What makes it work better though is some of what we get from it. Raku is very perceptive and talkative at the wrong times for others, which is why he makes it clear to Chitoge that as frustrated as she is by how events are playing out, he knows that she’s just thrilled to have a small but increasingly important group of friends. With her family history as gangsters, her inability to have friends really made a deep impact on her and she could be a whole lot worse than she is. Raku’s insightful moments make an impact on her to be sure and that helps to soften the experience overall. Raku doesn’t get off scott free though as he ends up with some time along with Chitoge’s father, which leads to some amusing moments as he talks to Raku and Raku realizes how much her father cares for her and the important role that Raku is playing in helping her. It’s small, familiar material, but it’s what the show needs to really advance and maintain its interest.

The complications of this set are a bit forced as it progresses, and I do find myself conflicted by how I feel about it all. On the first point, we get Raku and Chitoge coming to a real discussion about the locket and keys aspect of the relationship and her revelation of a key in her possession finally – finally – gets one of the girls to try it in the locket. Naturally, she’s so tense and nervous based on her own memories of childhood and that special friendship that it has her using her superhuman strength in a bad way, breaking the key in the locket. That actually works in the longterm through as the locket is sent off to be fixed, which means that there’s no real ability to try anything with it and it’s not just sitting there tormenting them. I’m less conflicted about the fact nobody has pictures from the time ten years ago, though Raku does end up getting one through his father after a good bit of searching, but there’s a kind of semi-senile old man aspect to how he’s playing things that even though it’s familiar, it still makes me chuckle when he has his scenes.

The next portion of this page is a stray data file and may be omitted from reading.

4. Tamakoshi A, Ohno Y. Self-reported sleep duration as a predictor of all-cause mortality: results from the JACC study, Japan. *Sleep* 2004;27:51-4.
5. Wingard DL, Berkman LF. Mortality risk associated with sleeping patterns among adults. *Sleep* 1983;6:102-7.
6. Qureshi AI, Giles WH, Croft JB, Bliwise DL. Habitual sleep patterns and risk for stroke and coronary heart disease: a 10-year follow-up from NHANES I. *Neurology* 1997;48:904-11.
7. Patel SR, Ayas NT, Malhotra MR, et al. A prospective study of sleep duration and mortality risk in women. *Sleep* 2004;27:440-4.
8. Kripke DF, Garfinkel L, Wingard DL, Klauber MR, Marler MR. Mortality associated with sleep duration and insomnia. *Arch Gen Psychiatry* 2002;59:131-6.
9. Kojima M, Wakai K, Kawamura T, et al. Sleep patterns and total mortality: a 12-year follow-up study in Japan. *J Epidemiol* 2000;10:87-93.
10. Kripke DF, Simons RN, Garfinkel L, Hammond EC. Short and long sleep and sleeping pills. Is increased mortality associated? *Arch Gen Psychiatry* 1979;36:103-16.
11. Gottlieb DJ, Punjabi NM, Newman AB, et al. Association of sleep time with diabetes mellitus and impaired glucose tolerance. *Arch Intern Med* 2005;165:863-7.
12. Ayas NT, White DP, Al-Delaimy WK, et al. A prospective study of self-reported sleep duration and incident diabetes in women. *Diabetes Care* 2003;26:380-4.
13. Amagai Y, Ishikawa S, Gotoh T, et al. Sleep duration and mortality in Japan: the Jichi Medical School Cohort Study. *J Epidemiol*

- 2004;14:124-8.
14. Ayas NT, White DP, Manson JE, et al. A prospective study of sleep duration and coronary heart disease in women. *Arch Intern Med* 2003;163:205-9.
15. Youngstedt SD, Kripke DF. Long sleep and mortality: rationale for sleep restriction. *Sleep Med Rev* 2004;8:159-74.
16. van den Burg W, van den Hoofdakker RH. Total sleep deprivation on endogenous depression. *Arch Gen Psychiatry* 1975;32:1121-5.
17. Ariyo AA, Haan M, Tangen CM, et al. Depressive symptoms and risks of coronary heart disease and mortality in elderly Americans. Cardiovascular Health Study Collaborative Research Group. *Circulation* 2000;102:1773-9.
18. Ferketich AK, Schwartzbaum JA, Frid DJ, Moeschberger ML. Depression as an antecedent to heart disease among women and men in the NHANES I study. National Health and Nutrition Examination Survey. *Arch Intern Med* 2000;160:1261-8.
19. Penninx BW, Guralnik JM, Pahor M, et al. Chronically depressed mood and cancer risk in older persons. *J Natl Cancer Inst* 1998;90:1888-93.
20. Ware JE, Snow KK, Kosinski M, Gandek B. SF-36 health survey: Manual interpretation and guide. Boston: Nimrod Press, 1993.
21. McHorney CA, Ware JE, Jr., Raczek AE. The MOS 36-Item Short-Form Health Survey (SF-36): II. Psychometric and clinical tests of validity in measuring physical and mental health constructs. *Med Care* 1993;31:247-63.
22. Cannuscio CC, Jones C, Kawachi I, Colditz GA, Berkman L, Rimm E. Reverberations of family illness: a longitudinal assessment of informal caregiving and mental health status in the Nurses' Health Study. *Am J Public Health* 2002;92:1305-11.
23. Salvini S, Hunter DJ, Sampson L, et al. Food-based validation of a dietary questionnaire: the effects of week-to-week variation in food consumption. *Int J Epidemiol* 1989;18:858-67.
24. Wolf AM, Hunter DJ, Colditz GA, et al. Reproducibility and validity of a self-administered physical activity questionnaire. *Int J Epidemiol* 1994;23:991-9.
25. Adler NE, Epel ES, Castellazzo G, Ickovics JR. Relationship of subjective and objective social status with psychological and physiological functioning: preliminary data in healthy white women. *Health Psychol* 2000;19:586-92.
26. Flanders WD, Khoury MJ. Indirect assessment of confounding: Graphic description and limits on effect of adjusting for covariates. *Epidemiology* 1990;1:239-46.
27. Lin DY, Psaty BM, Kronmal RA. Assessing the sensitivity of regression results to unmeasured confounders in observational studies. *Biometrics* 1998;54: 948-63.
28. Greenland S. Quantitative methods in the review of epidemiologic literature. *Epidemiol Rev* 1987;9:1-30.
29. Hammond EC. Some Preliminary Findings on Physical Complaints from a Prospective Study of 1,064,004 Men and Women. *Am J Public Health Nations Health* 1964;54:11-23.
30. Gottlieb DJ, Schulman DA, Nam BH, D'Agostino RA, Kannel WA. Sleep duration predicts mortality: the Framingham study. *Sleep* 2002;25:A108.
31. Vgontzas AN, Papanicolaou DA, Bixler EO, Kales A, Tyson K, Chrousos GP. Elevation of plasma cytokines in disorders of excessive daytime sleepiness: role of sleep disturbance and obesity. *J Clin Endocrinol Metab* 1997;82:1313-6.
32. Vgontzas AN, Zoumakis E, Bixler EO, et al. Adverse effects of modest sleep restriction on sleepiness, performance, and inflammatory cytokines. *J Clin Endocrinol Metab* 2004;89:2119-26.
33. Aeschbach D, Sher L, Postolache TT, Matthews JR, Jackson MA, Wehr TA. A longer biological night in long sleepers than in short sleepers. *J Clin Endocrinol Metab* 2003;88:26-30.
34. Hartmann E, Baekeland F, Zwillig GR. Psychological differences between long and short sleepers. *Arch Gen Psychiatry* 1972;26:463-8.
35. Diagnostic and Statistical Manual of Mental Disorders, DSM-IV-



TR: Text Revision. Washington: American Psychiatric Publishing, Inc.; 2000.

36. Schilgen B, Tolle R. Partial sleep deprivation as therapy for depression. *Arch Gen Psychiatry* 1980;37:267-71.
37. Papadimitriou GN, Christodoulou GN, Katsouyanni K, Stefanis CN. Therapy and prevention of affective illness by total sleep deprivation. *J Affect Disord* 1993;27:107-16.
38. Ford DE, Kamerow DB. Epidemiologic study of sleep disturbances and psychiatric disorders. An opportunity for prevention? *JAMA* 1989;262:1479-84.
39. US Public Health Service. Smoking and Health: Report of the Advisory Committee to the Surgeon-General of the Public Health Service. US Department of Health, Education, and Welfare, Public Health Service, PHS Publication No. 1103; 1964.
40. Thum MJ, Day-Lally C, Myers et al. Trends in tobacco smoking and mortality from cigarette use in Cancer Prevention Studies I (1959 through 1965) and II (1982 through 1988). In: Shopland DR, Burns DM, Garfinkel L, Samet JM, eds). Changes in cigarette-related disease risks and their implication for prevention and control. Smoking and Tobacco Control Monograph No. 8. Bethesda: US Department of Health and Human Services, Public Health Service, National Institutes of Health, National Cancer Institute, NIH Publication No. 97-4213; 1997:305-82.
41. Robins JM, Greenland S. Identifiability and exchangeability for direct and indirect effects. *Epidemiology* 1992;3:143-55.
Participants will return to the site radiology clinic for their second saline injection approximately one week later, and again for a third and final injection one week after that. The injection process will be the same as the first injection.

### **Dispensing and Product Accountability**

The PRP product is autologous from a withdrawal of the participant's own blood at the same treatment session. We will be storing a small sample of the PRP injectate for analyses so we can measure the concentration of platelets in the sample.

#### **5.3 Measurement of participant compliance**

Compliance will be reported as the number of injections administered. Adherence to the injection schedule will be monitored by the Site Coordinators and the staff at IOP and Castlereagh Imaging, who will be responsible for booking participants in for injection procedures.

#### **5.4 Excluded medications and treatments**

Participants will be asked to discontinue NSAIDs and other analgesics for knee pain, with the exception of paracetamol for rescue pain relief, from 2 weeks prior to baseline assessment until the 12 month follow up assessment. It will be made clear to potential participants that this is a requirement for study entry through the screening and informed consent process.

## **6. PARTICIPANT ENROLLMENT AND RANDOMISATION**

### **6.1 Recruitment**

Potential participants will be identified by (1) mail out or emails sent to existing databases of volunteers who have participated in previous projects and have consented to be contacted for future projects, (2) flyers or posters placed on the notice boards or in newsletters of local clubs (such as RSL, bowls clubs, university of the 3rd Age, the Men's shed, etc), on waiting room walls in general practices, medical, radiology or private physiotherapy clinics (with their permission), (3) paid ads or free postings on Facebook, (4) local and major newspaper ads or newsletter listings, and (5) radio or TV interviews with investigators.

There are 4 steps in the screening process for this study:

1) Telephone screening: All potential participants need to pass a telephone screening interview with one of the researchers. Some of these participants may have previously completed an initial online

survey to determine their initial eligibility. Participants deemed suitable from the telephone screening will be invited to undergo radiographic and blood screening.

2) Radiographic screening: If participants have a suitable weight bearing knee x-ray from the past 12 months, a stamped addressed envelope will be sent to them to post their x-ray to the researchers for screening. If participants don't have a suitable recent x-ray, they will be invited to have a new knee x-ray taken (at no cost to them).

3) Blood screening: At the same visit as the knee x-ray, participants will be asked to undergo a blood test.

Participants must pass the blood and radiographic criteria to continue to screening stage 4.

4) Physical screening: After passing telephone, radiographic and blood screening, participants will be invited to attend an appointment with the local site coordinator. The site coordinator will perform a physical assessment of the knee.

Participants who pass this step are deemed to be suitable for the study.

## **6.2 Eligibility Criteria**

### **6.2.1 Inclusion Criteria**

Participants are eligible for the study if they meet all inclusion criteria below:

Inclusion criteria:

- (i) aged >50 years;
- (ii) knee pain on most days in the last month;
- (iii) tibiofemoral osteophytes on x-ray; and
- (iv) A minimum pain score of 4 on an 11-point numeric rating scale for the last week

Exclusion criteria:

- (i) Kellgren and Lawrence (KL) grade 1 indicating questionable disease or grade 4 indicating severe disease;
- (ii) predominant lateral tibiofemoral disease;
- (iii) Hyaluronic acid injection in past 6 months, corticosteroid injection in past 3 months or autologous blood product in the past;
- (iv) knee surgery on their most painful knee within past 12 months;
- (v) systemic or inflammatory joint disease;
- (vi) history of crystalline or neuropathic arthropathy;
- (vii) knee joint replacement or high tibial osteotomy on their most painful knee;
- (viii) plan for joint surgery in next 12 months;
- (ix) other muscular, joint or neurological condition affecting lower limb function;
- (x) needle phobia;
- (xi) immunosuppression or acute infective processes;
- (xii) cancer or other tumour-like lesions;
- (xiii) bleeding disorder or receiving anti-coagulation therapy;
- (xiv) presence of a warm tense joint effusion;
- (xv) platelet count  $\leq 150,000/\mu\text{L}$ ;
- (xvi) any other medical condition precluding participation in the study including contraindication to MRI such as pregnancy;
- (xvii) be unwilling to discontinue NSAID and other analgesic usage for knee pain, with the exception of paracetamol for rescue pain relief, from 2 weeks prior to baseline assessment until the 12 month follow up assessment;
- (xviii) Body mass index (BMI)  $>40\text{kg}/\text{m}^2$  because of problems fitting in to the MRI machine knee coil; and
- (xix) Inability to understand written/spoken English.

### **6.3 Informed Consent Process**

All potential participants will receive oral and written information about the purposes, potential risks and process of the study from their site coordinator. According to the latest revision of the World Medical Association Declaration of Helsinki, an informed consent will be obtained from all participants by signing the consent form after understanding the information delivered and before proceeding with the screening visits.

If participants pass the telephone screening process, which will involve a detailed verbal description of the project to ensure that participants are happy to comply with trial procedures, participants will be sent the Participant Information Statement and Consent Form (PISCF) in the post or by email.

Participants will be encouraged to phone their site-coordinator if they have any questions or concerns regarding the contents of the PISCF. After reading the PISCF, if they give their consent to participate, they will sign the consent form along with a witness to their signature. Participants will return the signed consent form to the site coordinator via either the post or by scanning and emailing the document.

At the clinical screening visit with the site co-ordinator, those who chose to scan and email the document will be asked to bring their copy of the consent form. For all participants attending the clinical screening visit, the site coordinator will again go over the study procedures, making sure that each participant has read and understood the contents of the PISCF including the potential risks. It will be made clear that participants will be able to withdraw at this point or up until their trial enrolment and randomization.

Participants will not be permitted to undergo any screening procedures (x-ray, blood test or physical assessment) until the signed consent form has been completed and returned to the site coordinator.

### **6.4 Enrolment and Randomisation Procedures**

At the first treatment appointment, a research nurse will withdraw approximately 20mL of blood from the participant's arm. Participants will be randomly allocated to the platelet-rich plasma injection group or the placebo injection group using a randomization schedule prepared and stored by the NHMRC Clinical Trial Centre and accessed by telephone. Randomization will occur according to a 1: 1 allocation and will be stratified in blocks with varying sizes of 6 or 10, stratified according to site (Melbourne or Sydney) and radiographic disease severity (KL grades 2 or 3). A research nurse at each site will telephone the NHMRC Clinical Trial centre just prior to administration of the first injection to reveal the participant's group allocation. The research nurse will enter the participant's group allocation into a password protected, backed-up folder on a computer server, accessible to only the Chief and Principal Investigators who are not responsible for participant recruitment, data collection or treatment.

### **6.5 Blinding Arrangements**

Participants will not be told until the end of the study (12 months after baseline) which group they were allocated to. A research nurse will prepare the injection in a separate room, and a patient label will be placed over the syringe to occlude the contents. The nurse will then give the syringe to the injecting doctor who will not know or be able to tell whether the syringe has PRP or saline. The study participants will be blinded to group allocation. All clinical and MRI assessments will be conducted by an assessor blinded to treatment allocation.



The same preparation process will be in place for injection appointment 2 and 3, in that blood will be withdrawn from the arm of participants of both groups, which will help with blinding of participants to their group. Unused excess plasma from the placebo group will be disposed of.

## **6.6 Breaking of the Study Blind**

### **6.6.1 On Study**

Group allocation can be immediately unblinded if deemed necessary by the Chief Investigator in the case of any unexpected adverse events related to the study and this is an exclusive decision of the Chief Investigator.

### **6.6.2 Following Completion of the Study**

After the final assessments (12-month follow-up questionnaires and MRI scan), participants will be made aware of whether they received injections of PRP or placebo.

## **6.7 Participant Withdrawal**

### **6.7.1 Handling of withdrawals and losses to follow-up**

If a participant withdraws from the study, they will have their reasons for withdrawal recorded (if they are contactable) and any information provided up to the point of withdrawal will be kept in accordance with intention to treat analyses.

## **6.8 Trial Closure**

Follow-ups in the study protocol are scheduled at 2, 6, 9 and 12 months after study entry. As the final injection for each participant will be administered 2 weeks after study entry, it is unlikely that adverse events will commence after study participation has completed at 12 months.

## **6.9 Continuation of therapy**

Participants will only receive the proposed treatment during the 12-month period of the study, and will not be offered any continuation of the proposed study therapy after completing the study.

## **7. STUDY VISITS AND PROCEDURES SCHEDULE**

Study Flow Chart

The real frustration for me is that since the picture is someone who is plainly not Kosaki or Chitoge, it means introducing a third young woman to the mix. That comes in the form of Marika Tachibana, a new transfer student that has come to meet her promised husband in an arranged marriage that was set up by their fathers ten years ago. There’s a legitimately goofy reason for it, since Marika’s father is a high ranked police commissioner and you can see Raku’s father doing this in order to secure his own position, but there’s also the awkward as hell aspect of marrying these two families together. The arrival of Marika is also complicated because Raku’s father is obviously aware of the situation he and Chitoge’s father setup and he knew it would be coming. This is a comedy series so you know there won’t be any serious repercussions, but it’s just a messy thing in general that could and should have a lot of blowback across all parties, but especially with Raku’s family.